s a raw recruit in 1964, nothing was pounded into my skull more deeply than these two Marine Corps Golden Rules:
Rule #1. If you catch a thief, he will fall up, and down several flights of stairs before making an appearance in front of the company 1st Sergeant.
Rule #2. NCOs were the backbone of the Marine Corps. They were to be looked upon, thought of, and feared as Gods. Their quarters were at the end of the squadbays... A row of lockers were lined across the width of the barracks with a space left in the middle for passage. A wool blanket hung across the opening served as a door... E-3s and below did not go beyond the blanket witout permission, which was seldom granted. Beyond the blanket was a world we could only dream about.
Back in those days food and drinks were not allowed in the open squadbays. You could buy snacks from a pogey bait machine, but you had to take it into a commom area (TV room) to consume it. Beyond the blankets, however, smells of pepperoni, mushrooms, and fresh oven baked dough would often permeate throughout the squadbays -- making the rest of us "peons" salivate so hard that it sounded like it was raining.
Long after "lights out" for everyone else, lively poker games would often go on until dawn -- behind those curtains. They were the elite, they were the ones who had made the grade, they were the guys who told us when to jump, and how high. Back then you had to be in the Marine Corps. for something like a million years before you were knighted "NCO."
It was one of "them" I made the mistake of pushing too far one day. I also made the classic error of judging a book by its cover. He looked and sounded a little like Barney Fife from Mayberry. He had us in formation on a Friday afternoon and we were all chomping at the bit to get secured for Liberty Call. I was in the back third rank chattering away with another guy when he took notice of me, and gave me an "at ease," (the civilian equivalent of "Shut up!"). After giving me three "?at eases," he had me remain behind while he dismissed the rest of the platoon. I was really pissed, but he attempted to calm me down by saying that he needed to show me something and it wouldn't take long at all, and I could make Liberty Call in plenty of time, afterwards, if I still wanted to.
"If I still wanted to?" I thought to myself, this guy must have a screw loose. Anyway, we piled into a jeep and he headed us towards the boonies.
I started getting a little suspicious the further from civilization we got, but said nothing. When we finally stopped deep in the middle of nowhere, he got out of the jeep and then took off his utility jacket -- I got more suspicious, and a lot more concerned!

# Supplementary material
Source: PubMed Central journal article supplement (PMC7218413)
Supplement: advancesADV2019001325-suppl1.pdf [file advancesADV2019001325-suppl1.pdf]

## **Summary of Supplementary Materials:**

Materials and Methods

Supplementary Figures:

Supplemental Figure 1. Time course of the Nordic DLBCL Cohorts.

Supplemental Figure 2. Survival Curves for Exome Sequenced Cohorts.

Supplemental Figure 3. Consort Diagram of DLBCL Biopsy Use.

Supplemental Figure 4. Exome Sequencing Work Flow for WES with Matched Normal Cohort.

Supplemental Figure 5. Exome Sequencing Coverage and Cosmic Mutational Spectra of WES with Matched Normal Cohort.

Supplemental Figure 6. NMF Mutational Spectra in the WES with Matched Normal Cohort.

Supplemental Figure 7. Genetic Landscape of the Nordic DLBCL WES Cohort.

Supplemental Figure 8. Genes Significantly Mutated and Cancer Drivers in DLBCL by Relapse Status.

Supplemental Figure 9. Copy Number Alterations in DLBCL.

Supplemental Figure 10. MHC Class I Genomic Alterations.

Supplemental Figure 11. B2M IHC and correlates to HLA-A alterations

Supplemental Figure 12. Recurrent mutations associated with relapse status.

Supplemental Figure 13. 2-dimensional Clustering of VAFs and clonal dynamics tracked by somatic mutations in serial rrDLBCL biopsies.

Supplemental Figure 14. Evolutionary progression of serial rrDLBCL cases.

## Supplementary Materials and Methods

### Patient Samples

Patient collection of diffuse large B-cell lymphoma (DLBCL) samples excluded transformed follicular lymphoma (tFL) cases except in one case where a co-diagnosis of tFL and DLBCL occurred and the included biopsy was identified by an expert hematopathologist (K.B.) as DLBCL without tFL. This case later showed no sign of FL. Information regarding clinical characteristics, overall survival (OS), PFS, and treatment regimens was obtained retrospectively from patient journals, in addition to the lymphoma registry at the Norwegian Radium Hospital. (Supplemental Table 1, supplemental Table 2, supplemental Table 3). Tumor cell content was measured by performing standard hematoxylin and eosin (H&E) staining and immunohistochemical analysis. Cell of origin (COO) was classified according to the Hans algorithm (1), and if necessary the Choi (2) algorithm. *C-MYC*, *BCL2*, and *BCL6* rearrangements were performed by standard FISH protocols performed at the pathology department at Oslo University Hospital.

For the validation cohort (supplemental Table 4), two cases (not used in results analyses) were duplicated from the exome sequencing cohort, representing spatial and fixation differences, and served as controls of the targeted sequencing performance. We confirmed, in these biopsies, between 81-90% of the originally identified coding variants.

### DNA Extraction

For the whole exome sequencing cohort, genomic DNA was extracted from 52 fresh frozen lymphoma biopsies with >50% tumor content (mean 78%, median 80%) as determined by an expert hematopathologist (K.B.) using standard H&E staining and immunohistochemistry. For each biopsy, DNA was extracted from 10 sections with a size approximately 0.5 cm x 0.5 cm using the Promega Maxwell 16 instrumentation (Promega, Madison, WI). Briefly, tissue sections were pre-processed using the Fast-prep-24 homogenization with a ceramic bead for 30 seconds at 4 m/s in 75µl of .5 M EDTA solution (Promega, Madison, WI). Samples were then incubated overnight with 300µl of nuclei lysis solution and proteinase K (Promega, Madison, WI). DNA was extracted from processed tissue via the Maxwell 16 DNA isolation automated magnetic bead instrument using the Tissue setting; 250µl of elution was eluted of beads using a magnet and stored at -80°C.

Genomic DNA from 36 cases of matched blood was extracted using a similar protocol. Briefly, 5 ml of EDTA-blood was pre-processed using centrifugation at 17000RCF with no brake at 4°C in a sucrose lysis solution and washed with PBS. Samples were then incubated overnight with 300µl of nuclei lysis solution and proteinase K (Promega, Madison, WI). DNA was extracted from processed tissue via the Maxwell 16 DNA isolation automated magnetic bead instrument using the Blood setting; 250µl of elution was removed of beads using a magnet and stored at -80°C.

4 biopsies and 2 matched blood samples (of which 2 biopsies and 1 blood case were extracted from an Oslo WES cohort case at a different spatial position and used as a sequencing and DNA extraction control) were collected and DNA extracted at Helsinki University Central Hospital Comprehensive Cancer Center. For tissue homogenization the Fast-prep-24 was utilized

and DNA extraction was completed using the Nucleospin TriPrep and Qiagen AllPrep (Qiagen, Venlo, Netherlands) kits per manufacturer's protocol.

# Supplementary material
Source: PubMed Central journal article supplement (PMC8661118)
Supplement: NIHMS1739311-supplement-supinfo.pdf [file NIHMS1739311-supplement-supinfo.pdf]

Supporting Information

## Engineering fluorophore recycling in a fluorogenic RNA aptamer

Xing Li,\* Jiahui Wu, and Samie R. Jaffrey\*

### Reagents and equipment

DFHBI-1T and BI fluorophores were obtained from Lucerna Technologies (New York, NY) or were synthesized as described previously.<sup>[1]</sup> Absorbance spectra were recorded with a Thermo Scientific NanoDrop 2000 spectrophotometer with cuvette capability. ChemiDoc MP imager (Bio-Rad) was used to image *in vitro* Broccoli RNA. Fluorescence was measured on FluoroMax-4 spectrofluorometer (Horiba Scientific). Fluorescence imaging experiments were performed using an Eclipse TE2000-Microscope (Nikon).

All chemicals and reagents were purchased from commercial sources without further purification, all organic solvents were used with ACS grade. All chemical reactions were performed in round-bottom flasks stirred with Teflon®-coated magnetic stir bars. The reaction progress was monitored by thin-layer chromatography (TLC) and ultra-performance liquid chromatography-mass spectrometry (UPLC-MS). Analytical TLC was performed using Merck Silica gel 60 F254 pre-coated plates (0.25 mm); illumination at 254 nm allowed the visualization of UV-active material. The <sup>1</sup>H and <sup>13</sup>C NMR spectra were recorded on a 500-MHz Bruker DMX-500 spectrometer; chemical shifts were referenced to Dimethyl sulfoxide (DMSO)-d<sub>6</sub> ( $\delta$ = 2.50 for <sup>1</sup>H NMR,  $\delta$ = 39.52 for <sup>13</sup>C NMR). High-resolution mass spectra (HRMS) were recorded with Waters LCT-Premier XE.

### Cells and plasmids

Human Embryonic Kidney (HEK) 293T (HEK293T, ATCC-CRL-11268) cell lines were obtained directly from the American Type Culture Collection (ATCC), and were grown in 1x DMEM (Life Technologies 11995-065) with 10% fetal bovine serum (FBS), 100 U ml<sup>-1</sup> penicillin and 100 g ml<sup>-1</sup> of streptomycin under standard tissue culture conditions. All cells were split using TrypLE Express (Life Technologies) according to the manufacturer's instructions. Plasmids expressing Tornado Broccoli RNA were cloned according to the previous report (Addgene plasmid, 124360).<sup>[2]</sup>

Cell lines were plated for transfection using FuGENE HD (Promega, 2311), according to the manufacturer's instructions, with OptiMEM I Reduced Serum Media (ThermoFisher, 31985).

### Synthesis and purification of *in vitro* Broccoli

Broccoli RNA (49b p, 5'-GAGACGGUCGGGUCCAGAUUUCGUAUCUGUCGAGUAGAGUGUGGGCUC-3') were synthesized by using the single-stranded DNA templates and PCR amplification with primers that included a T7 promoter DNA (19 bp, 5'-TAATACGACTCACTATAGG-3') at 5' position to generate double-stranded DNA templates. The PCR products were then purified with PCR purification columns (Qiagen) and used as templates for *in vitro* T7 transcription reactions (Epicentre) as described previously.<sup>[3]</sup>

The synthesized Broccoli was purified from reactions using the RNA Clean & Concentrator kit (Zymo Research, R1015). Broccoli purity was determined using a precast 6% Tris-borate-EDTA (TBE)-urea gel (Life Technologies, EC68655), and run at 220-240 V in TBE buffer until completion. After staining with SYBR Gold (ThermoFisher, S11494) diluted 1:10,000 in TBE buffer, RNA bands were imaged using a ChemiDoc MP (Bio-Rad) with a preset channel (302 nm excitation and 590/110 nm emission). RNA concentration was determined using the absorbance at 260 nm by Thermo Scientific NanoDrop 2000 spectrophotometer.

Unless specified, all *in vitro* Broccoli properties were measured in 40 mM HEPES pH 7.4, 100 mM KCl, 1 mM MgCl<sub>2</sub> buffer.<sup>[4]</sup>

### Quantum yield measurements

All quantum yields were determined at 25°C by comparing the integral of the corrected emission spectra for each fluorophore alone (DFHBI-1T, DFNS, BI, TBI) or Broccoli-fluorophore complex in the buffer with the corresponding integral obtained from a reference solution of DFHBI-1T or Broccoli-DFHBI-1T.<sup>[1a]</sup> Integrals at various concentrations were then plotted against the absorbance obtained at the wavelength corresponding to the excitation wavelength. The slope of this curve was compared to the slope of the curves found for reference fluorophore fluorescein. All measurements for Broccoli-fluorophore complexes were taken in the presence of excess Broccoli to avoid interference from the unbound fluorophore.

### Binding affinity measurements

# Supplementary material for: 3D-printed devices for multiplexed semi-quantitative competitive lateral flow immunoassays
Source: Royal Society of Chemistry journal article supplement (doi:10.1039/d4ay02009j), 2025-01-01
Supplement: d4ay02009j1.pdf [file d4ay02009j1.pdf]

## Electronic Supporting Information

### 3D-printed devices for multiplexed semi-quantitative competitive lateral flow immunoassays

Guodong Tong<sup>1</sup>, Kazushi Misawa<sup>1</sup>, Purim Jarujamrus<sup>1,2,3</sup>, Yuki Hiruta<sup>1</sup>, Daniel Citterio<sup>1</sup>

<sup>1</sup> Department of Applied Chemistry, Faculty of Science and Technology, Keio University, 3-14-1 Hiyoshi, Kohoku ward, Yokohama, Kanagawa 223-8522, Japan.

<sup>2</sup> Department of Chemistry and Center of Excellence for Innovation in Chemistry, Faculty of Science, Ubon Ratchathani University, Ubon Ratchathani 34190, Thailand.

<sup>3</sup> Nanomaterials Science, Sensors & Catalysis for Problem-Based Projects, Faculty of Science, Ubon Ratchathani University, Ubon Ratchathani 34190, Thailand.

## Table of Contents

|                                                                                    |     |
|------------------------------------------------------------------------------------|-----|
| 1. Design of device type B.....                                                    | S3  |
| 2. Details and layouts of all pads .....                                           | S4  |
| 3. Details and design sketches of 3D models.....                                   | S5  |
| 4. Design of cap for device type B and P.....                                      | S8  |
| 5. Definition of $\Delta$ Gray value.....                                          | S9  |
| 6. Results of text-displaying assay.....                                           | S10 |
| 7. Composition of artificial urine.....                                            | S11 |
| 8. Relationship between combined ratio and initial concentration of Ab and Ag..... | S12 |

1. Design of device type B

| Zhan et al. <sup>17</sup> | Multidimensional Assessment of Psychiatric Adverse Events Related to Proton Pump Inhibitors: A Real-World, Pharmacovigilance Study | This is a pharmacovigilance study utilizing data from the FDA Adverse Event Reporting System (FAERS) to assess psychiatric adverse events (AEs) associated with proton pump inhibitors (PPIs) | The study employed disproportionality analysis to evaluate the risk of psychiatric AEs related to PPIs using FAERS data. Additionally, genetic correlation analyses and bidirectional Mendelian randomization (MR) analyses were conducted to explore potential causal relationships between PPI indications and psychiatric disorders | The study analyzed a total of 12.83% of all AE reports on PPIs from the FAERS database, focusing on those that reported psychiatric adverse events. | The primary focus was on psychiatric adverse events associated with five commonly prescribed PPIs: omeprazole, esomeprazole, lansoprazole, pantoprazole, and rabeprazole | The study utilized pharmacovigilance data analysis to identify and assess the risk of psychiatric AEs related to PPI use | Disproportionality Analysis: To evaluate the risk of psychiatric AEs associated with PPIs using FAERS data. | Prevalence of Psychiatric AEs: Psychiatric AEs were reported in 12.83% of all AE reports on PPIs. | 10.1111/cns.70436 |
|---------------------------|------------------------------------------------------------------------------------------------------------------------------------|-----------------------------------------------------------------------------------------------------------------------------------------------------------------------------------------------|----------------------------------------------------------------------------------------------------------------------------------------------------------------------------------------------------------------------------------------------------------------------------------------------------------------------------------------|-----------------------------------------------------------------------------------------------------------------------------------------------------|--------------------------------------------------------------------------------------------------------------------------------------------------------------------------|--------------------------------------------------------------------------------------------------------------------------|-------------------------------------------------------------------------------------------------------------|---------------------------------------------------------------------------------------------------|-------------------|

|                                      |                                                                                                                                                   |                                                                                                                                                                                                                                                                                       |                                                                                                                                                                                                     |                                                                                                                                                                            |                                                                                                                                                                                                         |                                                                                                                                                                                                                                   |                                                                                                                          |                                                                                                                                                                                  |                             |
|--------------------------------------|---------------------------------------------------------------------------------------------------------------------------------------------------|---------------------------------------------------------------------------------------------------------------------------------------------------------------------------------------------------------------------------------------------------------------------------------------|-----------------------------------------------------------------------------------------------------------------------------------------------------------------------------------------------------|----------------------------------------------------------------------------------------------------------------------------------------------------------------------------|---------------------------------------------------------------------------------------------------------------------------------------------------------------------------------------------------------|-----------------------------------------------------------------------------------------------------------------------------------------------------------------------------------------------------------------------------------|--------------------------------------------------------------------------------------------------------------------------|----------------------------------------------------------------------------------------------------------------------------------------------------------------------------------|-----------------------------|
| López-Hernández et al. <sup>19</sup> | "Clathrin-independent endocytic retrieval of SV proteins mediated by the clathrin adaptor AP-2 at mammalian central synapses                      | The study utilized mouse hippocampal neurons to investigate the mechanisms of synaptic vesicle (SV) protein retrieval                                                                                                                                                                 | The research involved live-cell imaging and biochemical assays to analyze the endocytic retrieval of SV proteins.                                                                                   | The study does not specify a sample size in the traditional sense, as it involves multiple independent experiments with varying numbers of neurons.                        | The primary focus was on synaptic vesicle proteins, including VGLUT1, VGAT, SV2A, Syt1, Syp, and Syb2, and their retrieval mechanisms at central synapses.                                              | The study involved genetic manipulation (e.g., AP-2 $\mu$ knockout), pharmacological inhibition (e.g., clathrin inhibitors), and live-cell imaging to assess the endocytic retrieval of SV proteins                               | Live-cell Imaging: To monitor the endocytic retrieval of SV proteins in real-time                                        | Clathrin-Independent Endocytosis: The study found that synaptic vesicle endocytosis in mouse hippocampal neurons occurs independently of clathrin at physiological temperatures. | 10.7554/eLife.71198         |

He told me to get out of the jeep. I said, "What for?"
He said, "Because you don't seem to understand the importance of complying with verbal orders, and I'm about to give you some personal, up close, extra military instructions."
His meaning was clear, and if the truth be known, I knew what he was saying was true. But I also knew it wasn't going to be a cake walk for him either. He was about 5'8" maybe 140 - 150 pounds, skinny. I was 6'3" 205 pounds, and had already had a couple of good brawls in Dodge City (Jacksonville, NC). I was BAD!
I don't have a clear recollection of being hit -- the first time. There seemed to be a hive of very large bees in front of my face, and each one was hitting me with two by fours -- very fast -- very hard.
Now, I've been knocked unconscious before, you know, BLAM! and you're out. No big deal. But, never by degrees. Each time he hit me things progressively seemed to get dimmer and dimmer. You could say that I got in a couple of good shots, too -- if you count the pine tree I punched, and the dents in the jeep's fender I made with my face.
The air rushing across my body as we headed back to mainside in the jeep partially revived me, and it was many hours later that his words about me going on Liberty "if I still wanted to," came back to haunt me.
I was cocky and I needed a wake up call. One of the best NCOs I ever met was more than willing to give it to me. The "extra military instructions" were never mentioned again by him, and I got no razzing by my buddies, so I know he didn't make my "intructions" public knoweldge. From that day forth I had a much firmer grasp on the command "at ease" while in formation.
There are a lot of Marines out there who are probably recoiling in horror at the very thought of an NCO who would even think about touching one of his troops. Maybe they're right -- maybe they're not.
I'm not advocating brutality as a means of controlling subordinates or as a way of earning respect. It doesn't work. But, somewhere between a jeep ride to the boonies and the need for unneccessary explainations of a given order is where an NCO needs a keen sense of judgment and tact to differentiate between the Marine who needs some "group tightening" and a hopeless case.
They also need (and deserve) the respect and support from those who knight them with such awesome responsibilities, and the title "Non-Commissioned Officer."